The Center for Media Research pointed me to an international newspaper website that says 2005 (not 2009) is the 400th anniversary of the newspaper — and that complaints about content piracy are just as old. The same item also contains a hint to new media publishers looking for ways to adopt up-to-the-minutes tool & techniques — follow the money.
These insights come from the World Association of Newspapers, which sponsors an editor’s forum where “senior newsroom editors (can) share ideas, experiences and new initiatives on how to defend editorial excellence in the face of shrinking budgets and the onslaught of new media, new technologies and changing readership lifestyles.”
The group also supports a blog with a section on revenues and business models in which I learned that Le Monde has been losing readers and money and is looking for a 50 million Euro bailout and newsroom layoffs to right itself.
The international editors’ website credits The Gutenberg Museum in Mainz, Germany, with pushing the debut of printed news back to 1605, the year that a formerly hand-copied newsletter named Relation converted to the then-new technology of block printing:
“Martin Welke, founder of the German Newspaper Museum, who is also the ‘father’ of the discovery, together with Professor Jean Pierre Kintz, a Strasbourg historian, told WAN that the publisher of Relation was a certain Johann Carolus, who earned his living at the turn of the 17th century by producing hand-written newsletters, sold to rich subscribers at very high prices, reproducing news sent to him by a network of paid correspondents.”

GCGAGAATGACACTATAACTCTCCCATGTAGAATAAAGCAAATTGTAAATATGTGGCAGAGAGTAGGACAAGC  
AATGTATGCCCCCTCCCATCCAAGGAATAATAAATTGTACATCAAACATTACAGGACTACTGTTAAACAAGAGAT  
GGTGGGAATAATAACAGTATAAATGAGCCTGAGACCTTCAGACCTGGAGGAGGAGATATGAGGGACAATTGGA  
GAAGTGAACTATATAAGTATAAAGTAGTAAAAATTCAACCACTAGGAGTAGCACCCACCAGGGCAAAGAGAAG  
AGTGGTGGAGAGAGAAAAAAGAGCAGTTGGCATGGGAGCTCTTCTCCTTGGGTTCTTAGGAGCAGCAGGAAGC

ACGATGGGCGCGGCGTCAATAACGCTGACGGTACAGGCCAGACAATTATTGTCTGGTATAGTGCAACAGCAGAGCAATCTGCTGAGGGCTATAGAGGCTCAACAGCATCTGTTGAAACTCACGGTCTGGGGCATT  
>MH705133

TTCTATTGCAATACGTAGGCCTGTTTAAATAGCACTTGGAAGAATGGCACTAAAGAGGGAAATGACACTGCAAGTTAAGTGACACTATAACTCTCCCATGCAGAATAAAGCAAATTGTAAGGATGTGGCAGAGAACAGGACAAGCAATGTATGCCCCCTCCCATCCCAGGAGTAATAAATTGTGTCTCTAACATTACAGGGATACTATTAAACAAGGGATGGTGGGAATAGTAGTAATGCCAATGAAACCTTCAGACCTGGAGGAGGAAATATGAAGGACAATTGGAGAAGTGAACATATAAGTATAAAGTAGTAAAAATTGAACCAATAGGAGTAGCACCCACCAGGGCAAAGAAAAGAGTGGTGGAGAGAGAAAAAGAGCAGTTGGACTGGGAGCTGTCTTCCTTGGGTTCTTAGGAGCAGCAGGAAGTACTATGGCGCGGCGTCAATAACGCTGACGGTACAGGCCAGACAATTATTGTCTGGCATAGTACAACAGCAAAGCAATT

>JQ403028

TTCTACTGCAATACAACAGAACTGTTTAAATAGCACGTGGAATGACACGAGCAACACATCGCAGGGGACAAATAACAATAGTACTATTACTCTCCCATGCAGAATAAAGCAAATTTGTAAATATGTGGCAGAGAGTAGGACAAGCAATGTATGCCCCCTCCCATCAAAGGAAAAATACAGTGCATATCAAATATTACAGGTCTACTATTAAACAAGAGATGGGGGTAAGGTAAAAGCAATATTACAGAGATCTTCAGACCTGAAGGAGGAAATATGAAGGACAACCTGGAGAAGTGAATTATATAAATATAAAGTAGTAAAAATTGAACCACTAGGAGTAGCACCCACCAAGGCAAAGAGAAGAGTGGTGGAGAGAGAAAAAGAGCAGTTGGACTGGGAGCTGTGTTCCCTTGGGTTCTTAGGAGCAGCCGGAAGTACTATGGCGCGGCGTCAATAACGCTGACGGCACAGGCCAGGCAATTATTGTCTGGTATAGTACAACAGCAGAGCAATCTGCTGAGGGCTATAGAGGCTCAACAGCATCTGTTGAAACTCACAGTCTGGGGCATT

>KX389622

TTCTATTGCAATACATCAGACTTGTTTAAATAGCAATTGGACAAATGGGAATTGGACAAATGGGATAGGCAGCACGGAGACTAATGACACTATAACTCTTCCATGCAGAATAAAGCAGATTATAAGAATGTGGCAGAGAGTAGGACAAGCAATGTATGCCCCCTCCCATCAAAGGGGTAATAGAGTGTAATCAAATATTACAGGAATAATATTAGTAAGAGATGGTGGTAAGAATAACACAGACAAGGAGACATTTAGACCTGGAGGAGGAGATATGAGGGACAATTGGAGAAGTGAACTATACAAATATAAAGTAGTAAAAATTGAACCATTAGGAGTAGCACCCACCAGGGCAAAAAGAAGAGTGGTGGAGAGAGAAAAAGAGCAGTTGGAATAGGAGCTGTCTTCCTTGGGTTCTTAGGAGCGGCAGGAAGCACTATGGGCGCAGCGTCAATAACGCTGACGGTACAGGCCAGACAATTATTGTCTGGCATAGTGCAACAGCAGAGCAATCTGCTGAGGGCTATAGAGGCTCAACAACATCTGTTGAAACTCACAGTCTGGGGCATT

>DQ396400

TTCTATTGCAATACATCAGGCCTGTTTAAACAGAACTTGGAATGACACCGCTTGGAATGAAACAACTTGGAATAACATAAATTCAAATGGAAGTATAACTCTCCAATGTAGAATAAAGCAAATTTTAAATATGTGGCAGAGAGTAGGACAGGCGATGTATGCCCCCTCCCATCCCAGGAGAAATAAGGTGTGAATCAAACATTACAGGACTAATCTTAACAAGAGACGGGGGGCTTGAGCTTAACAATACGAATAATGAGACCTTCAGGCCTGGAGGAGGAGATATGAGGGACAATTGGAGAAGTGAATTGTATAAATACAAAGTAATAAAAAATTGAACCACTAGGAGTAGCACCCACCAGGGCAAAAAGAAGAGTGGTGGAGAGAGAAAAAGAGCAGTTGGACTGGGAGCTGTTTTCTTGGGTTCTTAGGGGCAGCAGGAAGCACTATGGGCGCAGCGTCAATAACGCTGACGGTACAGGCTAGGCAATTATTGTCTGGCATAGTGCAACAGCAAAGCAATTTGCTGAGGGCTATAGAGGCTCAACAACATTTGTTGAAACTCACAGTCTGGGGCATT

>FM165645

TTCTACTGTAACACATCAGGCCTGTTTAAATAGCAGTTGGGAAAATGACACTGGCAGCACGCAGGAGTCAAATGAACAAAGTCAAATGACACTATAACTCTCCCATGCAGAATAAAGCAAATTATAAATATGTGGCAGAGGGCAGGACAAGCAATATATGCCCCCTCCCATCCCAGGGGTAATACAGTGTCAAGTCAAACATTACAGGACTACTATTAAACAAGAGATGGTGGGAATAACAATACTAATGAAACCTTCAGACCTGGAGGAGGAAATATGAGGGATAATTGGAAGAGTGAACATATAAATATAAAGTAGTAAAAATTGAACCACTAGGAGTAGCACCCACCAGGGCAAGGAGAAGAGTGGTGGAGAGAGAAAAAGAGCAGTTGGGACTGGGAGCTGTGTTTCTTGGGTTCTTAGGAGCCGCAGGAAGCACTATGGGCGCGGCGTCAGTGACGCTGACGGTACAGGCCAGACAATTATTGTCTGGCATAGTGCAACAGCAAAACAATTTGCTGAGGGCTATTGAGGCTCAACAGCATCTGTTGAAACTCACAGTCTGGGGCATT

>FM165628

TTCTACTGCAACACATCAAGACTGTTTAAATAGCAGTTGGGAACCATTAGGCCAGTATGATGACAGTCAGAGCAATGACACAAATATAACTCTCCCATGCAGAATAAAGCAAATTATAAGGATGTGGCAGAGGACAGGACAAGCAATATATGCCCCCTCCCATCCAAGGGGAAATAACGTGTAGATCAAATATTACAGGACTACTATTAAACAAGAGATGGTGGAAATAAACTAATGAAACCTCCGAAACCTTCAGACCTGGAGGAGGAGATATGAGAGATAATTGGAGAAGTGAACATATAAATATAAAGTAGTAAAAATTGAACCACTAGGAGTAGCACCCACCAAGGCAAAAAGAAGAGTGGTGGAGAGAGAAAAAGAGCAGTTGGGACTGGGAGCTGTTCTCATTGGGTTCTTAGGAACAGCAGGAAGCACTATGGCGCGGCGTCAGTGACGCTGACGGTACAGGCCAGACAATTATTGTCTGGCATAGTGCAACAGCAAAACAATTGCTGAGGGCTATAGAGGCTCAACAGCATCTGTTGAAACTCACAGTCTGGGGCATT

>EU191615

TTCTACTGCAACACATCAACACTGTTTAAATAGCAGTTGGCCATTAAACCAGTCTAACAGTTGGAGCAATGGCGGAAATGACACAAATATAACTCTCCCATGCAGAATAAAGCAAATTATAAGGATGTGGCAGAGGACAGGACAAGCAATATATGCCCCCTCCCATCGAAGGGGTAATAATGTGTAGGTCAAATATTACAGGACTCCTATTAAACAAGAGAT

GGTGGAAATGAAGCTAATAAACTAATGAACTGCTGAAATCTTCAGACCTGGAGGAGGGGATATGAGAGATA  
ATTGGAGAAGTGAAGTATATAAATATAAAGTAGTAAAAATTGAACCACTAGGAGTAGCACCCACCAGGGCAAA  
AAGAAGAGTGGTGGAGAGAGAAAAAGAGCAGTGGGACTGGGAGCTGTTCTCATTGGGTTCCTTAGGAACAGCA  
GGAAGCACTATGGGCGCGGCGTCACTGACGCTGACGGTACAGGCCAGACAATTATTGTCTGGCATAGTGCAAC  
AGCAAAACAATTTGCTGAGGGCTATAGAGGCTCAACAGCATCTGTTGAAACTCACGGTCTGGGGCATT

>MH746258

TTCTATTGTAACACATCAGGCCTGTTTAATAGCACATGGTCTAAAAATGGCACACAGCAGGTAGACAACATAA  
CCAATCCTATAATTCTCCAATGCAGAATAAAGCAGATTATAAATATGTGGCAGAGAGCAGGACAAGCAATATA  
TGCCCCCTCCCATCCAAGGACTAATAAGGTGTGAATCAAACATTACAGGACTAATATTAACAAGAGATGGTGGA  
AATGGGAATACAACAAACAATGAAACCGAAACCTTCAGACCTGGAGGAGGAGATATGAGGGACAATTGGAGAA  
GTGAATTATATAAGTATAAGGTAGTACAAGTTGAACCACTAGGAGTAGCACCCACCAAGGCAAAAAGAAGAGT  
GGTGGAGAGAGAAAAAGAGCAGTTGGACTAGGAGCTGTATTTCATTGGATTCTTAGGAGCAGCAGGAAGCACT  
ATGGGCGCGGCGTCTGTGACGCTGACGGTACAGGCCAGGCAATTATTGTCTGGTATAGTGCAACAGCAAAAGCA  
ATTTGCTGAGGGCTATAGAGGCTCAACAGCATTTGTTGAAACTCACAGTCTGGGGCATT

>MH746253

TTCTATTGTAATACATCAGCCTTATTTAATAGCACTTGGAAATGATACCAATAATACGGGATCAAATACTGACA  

The item, which contradicts earlier assumptions putting 1609 as the birth date of newspapering, goes on to say that “In October that year (1605), Carolus wrote a petition to the Strasbourg city council asking for “protection against reprints by other printers”.
So the more things change the more they stay the same. (Or, in deference to any French readers, La plus ca change, la plus c’est la meme chose.)
Other than the satisfaction of knowing this, I note that long-deceased media pioneer Johann Carolus began by adapting the technology of his day to the most valuable information first. I’m not yet sure how to act on this lesson but it’s worth bearing in mind.
Cause if you ain’t Mass Media, you’re Mini Media.